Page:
25 April 2020

What is the Victorian Government doing to help Victoria’s creative industries survive the impacts of coronavirus?

The Victorian Government has announced $16.8 million of dedicated funding for Victoria’s creative sector, focused on small to medium organisations and independent practitioners.

This urgent and immediate support will help maintain creative jobs and activity, help individuals and organisations to regenerate income, develop new work and provide new opportunities for creative community participation during the current shutdown.

This support includes:

  • A new $13 million Strategic Investment Fund, open to Creative Victoria-funded, non-government arts and cultural organisations – spanning almost 100 festivals, performing arts companies, museums, galleries, and First Peoples, youth and culturally diverse arts organisations across Victoria.
  • A new $2.2 million Sustaining Creative Workers initiative offering quick response grants for impacted Victorian based independent artists, creative practitioners and micro-organisations, with five or more years of professional experience.
  • $1.6 million in grants through Creative Victoria’s funding programs, focusing on activities that can be undertaken in the current climate, such as the research and development of new creative works, professional development activities and new ways of reaching audiences.

This targeted funding complements broader Victorian Government economic measures,  including the $500 million Business Support Fund which is providing vital support to businesses in the hardest sectors, including the creative industries; and the Working for Victoria scheme which is helping those who are out of work to secure alternative employment during this time.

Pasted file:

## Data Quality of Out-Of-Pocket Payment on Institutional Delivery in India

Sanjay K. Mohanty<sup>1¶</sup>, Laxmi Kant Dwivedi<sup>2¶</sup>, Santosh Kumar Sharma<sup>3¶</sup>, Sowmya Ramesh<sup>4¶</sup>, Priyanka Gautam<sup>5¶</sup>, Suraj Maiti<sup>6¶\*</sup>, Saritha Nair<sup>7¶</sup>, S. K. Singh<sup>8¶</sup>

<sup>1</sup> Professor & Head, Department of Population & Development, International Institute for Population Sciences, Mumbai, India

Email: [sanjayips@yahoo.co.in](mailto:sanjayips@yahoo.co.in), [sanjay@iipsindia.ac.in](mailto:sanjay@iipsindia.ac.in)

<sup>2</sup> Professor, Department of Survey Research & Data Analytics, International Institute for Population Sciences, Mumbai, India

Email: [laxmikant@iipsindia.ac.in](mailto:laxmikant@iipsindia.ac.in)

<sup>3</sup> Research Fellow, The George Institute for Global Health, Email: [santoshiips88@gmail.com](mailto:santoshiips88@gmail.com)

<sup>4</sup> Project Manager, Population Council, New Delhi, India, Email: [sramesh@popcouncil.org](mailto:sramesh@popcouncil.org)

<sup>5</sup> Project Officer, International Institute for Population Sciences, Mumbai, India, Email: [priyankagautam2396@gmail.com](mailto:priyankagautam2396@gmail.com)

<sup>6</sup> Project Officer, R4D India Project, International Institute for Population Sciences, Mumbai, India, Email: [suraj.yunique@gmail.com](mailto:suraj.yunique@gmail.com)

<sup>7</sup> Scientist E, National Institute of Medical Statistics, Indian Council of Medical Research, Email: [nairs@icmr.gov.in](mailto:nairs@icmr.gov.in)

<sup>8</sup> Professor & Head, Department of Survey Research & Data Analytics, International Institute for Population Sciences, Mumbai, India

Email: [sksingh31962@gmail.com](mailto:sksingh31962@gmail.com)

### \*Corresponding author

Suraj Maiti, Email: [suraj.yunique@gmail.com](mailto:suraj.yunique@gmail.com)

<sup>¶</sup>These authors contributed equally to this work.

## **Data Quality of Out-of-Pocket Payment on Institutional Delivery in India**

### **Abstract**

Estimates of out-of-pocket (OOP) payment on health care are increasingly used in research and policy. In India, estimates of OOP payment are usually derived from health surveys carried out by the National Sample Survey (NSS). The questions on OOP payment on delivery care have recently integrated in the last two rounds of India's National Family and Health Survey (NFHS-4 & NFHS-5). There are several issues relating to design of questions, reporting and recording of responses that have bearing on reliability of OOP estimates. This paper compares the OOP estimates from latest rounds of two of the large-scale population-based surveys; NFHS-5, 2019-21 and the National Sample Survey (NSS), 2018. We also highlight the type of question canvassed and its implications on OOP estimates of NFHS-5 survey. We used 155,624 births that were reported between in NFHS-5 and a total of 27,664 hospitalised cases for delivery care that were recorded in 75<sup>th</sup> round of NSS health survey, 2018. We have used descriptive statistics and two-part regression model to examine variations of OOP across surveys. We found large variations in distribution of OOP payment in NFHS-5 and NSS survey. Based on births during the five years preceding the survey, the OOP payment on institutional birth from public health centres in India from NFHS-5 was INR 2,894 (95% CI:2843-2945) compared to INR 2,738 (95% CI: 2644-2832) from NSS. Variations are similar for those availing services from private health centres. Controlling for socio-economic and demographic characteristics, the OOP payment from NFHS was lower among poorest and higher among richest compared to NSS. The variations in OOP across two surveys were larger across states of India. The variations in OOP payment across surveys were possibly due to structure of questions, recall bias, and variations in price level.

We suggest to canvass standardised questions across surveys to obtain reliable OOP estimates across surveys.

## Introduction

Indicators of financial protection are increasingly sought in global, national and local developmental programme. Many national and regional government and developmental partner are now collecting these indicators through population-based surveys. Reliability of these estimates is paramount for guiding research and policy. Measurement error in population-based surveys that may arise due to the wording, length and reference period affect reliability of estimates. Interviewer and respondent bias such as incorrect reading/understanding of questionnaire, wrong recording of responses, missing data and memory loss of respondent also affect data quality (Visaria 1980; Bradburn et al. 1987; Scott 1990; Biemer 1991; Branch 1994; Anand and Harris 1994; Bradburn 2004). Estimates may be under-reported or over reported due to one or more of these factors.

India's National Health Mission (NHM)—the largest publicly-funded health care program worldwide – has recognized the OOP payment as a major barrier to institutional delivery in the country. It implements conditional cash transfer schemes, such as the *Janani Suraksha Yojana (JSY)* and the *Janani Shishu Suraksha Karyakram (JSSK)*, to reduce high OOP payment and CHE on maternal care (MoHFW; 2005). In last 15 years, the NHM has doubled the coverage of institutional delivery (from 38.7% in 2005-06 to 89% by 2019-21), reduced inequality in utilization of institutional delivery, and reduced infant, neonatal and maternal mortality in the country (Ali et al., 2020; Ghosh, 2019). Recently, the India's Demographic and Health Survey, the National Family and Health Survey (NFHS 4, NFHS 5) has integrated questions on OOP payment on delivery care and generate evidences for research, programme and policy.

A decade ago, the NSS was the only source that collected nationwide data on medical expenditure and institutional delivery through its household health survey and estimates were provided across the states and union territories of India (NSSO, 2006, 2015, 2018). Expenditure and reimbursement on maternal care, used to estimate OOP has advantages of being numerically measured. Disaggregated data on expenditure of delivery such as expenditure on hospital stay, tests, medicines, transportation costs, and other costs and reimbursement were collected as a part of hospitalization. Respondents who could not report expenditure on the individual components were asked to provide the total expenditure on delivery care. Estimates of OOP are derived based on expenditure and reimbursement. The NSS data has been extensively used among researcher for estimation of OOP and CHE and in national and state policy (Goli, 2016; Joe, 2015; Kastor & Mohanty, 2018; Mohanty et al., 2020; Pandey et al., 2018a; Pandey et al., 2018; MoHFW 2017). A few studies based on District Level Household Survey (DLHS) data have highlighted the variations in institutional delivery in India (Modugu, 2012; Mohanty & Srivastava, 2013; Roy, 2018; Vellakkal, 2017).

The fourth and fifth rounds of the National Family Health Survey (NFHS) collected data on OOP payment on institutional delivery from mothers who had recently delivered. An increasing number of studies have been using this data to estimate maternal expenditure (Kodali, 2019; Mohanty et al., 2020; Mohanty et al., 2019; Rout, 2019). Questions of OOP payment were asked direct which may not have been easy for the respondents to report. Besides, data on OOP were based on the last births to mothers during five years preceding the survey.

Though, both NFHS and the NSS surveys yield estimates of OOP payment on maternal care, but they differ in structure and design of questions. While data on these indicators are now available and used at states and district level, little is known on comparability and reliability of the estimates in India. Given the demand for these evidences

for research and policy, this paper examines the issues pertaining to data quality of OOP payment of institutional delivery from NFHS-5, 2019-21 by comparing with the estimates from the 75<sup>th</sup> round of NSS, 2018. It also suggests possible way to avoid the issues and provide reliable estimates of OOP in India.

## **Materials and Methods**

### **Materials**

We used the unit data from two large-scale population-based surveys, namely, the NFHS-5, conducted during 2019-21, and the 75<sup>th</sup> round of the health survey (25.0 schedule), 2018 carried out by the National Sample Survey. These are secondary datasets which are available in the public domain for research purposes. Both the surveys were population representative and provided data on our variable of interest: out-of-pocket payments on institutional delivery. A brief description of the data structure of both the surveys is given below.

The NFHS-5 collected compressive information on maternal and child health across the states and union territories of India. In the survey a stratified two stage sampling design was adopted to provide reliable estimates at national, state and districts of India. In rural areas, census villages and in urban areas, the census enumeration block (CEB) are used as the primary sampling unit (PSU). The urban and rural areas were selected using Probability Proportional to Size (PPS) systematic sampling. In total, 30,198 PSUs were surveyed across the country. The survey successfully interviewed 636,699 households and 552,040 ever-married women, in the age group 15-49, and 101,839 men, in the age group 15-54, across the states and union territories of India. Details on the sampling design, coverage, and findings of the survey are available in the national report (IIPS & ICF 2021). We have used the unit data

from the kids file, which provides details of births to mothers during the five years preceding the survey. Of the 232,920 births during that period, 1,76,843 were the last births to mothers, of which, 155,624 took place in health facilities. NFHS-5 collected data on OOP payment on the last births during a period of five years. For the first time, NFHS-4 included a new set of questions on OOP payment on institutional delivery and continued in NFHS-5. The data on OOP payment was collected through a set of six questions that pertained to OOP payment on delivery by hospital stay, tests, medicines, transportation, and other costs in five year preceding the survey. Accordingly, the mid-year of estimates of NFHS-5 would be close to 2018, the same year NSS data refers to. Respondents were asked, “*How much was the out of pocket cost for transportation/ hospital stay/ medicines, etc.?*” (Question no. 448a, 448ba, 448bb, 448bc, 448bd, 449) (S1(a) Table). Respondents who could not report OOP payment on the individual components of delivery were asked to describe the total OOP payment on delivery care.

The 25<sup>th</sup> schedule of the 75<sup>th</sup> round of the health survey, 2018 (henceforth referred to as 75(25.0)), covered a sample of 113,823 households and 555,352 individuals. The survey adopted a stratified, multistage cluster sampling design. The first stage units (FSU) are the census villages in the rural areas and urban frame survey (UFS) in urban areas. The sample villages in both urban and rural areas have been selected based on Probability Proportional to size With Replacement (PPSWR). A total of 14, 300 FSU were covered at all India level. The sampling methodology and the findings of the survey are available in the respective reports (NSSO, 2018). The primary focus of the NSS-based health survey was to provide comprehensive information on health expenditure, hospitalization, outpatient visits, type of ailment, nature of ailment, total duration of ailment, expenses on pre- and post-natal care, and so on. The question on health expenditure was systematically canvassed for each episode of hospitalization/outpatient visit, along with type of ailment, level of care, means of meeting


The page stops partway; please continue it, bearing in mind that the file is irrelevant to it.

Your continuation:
How will this package support the employment of people within the creative industries?

Our multi-year funded, non-government organisations employ over 1,900 Victorians and range from major festivals to theatre companies, youth arts organisations, museums, galleries and more. Collectively these organisations generate $270 million for the Victorian economy each year. Organisations can use this immediate support to reinforce their workforce, for example, by topping up the JobKeeper payment.

Individual creative practitioners and sole traders are not eligible for the JobKeeper payment and currently have very few streams of income to rely on. The Sustaining Creative Workers initiative will provide them with small grants to keep producing and progressing work.

Why do the creative industries need specific support?

While many industries and parts of the economy have been affected and require support, the creative industries were among the first and hardest hit by the impacts of coronavirus and the shutdown of public activity.

For thousands of creative practitioners and organisations across the state, revenue immediately dried up as venues closed and events and performances were cancelled. The impact on the sector, and the jobs and lives of individuals within it, is ongoing and wide-reaching.

ABS data 2020 shows that only 47 per cent of arts and recreational businesses are currently still operating – the only sector below 50 per cent.

Victoria is proudly the creative state and our creative industries ordinarily contribute $31 billion to the state economy. They employ more than 260,000 people – 8.6 per cent of Victoria’s workforce – and engage millions of Victorians each year.

Along with other government support, this targeted funding will help keep people in jobs, enable creatives to continue their practice, and develop a pipeline of Victorian creative projects for the future, ensuring that Victorians can continue to enjoy creative experiences.

Is this new support?

The $13 million Strategic Investment Fund provides additional support to organisations, over and above their existing multi-year funding arrangements with Creative Victoria.

Likewise, the $2.2 million Sustaining Creative Workers initiative is an additional avenue of support for independent creatives to specifically address the impacts of coronavirus.